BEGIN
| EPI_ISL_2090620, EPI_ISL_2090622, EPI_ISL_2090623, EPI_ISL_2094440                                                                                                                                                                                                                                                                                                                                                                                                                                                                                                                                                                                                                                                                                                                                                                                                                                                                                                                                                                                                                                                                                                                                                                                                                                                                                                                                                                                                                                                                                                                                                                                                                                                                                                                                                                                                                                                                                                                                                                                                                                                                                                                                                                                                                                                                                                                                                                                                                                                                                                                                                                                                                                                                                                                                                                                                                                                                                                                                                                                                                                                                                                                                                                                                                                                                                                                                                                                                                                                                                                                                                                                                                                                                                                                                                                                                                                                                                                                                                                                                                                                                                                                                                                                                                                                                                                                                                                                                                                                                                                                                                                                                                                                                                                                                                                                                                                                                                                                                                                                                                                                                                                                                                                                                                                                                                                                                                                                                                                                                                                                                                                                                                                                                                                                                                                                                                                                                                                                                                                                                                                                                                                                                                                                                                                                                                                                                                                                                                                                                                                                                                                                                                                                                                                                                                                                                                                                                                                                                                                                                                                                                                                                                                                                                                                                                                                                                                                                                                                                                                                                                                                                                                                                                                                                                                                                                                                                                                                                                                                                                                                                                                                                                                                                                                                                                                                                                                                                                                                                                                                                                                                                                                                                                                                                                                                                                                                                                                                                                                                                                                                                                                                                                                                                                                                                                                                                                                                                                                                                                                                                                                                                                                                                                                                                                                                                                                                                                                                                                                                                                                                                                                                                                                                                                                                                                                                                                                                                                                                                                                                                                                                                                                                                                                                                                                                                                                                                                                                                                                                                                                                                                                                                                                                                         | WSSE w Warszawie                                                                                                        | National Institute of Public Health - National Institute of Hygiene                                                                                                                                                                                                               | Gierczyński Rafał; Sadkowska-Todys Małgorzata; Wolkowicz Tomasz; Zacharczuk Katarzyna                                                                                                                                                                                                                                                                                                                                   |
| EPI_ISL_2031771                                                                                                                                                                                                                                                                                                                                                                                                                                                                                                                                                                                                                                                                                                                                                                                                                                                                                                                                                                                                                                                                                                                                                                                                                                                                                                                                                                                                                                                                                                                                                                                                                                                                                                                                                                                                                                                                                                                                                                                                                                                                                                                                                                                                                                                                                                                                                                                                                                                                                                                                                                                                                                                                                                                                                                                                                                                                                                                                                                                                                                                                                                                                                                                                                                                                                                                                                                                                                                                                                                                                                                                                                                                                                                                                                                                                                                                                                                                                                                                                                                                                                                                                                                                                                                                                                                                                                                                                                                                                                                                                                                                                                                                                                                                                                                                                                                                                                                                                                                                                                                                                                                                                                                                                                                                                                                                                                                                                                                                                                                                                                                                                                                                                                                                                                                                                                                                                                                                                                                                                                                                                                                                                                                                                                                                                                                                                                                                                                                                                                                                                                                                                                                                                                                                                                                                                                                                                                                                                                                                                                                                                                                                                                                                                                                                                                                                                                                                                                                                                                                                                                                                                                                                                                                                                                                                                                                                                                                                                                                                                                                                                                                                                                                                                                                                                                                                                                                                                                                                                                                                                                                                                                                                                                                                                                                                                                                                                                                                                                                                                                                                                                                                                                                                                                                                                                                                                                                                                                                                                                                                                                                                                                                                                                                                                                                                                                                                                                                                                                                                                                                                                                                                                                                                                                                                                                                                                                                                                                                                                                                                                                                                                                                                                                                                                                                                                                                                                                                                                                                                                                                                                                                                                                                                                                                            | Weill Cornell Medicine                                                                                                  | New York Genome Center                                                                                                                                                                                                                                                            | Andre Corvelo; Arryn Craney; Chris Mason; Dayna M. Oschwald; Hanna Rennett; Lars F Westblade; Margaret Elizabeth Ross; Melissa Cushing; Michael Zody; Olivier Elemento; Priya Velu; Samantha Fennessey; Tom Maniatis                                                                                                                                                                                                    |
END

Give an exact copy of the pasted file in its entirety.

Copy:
| EPI_ISL_2090620, EPI_ISL_2090622, EPI_ISL_2090623, EPI_ISL_2094440                                                                                                                                                                                                                                                                                                                                                                                                                                                                                                                                                                                                                                                                                                                                                                                                                                                                                                                                                                                                                                                                                                                                                                                                                                                                                                                                                                                                                                                                                                                                                                                                                                                                                                                                                                                                                                                                                                                                                                                                                                                                                                                                                                                                                                                                                                                                                                                                                                                                                                                                                                                                                                                                                                                                                                                                                                                                                                                                                                                                                                                                                                                                                                                                                                                                                                                                                                                                                                                                                                                                                                                                                                                                                                                                                                                                                                                                                                                                                                                                                                                                                                                                                                                                                                                                                                                                                                                                                                                                                                                                                                                                                                                                                                                                                                                                                                                                                                                                                                                                                                                                                                                                                                                                                                                                                                                                                                                                                                                                                                                                                                                                                                                                                                                                                                                                                                                                                                                                                                                                                                                                                                                                                                                                                                                                                                                                                                                                                                                                                                                                                                                                                                                                                                                                                                                                                                                                                                                                                                                                                                                                                                                                                                                                                                                                                                                                                                                                                                                                                                                                                                                                                                                                                                                                                                                                                                                                                                                                                                                                                                                                                                                                                                                                                                                                                                                                                                                                                                                                                                                                                                                                                                                                                                                                                                                                                                                                                                                                                                                                                                                                                                                                                                                                                                                                                                                                                                                                                                                                                                                                                                                                                                                                                                                                                                                                                                                                                                                                                                                                                                                                                                                                                                                                                                                                                                                                                                                                                                                                                                                                                                                                                                                                                                                                                                                                                                                                                                                                                                                                                                                                                                                                                                                         | WSSE w Warszawie                                                                                                        | National Institute of Public Health - National Institute of Hygiene                                                                                                                                                                                                               | Gierczyński Rafał; Sadkowska-Todys Małgorzata; Wolkowicz Tomasz; Zacharczuk Katarzyna                                                                                                                                                                                                                                                                                                                                   |
| EPI_ISL_2031771                                                                                                                                                                                                                                                                                                                                                                                                                                                                                                                                                                                                                                                                                                                                                                                                                                                                                                                                                                                                                                                                                                                                                                                                                                                                                                                                                                                                                                                                                                                                                                                                                                                                                                                                                                                                                                                                                                                                                                                                                                                                                                                                                                                                                                                                                                                                                                                                                                                                                                                                                                                                                                                                                                                                                                                                                                                                                                                                                                                                                                                                                                                                                                                                                                                                                                                                                                                                                                                                                                                                                                                                                                                                                                                                                                                                                                                                                                                                                                                                                                                                                                                                                                                                                                                                                                                                                                                                                                                                                                                                                                                                                                                                                                                                                                                                                                                                                                                                                                                                                                                                                                                                                                                                                                                                                                                                                                                                                                                                                                                                                                                                                                                                                                                                                                                                                                                                                                                                                                                                                                                                                                                                                                                                                                                                                                                                                                                                                                                                                                                                                                                                                                                                                                                                                                                                                                                                                                                                                                                                                                                                                                                                                                                                                                                                                                                                                                                                                                                                                                                                                                                                                                                                                                                                                                                                                                                                                                                                                                                                                                                                                                                                                                                                                                                                                                                                                                                                                                                                                                                                                                                                                                                                                                                                                                                                                                                                                                                                                                                                                                                                                                                                                                                                                                                                                                                                                                                                                                                                                                                                                                                                                                                                                                                                                                                                                                                                                                                                                                                                                                                                                                                                                                                                                                                                                                                                                                                                                                                                                                                                                                                                                                                                                                                                                                                                                                                                                                                                                                                                                                                                                                                                                                                                                                            | Weill Cornell Medicine                                                                                                  | New York Genome Center                                                                                                                                                                                                                                                            | Andre Corvelo; Arryn Craney; Chris Mason; Dayna M. Oschwald; Hanna Rennett; Lars F Westblade; Margaret Elizabeth Ross; Melissa Cushing; Michael Zody; Olivier Elemento; Priya Velu; Samantha Fennessey; Tom Maniatis                                                                                                                                                                                                    |